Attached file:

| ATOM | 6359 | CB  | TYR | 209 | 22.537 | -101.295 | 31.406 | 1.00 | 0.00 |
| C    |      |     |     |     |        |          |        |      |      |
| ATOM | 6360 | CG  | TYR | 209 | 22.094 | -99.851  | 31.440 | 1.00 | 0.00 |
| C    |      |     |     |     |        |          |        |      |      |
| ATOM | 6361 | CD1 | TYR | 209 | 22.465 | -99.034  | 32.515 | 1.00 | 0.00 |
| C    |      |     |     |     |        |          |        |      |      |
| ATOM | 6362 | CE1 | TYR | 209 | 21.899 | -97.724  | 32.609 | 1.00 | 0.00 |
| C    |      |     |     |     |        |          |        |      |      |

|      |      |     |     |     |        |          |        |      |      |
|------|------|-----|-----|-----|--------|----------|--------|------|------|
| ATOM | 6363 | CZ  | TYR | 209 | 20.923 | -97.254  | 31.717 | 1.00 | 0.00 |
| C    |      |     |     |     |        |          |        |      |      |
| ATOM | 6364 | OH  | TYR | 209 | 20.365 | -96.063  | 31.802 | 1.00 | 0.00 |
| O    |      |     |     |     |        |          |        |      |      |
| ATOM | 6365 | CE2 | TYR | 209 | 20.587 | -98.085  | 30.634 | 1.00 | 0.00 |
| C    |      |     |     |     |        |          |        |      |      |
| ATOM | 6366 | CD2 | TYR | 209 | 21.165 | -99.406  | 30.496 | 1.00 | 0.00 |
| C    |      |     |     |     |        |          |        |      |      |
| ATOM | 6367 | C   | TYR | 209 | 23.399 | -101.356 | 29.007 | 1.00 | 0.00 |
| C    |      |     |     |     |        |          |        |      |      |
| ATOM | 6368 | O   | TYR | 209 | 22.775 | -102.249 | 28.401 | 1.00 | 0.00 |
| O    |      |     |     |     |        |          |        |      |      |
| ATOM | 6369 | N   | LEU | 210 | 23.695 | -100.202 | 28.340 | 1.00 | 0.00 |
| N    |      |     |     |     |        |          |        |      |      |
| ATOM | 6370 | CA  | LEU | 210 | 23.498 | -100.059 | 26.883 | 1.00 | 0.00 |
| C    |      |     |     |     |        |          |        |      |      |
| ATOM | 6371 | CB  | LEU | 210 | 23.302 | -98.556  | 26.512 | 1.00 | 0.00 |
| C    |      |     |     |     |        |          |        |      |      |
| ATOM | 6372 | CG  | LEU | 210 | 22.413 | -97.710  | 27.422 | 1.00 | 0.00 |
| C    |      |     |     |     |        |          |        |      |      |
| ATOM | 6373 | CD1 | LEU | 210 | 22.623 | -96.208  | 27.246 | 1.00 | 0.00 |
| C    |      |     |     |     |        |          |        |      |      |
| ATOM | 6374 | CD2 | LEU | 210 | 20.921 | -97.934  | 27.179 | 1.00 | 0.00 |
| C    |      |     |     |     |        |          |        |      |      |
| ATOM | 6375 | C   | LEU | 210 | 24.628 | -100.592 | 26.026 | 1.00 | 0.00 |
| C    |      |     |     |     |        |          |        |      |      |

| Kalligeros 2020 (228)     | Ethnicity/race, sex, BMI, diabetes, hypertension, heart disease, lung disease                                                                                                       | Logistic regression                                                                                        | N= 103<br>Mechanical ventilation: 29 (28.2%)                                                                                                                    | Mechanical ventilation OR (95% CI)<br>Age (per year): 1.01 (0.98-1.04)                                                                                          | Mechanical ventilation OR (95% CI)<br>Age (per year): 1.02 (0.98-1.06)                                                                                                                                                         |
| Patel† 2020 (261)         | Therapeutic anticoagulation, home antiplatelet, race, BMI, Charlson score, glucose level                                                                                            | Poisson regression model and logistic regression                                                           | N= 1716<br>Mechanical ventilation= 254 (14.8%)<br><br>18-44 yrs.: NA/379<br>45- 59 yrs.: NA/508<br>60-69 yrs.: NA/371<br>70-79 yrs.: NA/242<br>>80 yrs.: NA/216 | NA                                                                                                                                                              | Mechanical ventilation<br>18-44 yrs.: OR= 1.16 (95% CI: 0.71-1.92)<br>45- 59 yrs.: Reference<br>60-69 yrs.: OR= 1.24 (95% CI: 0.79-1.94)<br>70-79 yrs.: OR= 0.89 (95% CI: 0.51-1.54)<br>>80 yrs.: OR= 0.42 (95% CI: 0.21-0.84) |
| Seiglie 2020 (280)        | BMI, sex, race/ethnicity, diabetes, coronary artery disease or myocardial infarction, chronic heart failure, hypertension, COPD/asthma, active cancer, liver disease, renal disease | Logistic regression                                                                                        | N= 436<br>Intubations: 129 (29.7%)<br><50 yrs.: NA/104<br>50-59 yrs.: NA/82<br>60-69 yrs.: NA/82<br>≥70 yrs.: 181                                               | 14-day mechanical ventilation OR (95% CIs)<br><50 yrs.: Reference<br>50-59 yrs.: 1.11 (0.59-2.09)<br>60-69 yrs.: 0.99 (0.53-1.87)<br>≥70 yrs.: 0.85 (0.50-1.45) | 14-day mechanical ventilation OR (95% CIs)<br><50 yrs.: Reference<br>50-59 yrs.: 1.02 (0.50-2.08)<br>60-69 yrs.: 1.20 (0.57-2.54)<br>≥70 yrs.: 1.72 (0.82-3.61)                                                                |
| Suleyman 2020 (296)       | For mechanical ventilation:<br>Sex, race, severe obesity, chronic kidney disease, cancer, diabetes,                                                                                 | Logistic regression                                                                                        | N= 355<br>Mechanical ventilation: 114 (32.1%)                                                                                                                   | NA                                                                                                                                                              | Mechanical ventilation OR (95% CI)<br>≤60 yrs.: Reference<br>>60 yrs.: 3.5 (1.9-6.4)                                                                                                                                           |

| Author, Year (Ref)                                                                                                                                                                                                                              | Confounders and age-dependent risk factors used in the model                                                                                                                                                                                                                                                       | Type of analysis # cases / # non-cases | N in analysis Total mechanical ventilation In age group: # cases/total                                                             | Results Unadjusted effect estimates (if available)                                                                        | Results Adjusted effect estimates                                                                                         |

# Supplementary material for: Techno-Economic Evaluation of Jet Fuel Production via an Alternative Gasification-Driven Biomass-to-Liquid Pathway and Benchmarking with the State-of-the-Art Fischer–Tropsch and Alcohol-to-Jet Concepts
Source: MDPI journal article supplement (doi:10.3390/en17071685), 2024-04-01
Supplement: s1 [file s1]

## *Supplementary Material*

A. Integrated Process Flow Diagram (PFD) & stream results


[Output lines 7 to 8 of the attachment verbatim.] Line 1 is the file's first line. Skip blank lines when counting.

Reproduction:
| ATOM | 6362 | CE1 | TYR | 209 | 21.899 | -97.724  | 32.609 | 1.00 | 0.00 |
| C    |      |     |     |     |        |          |        |      |      |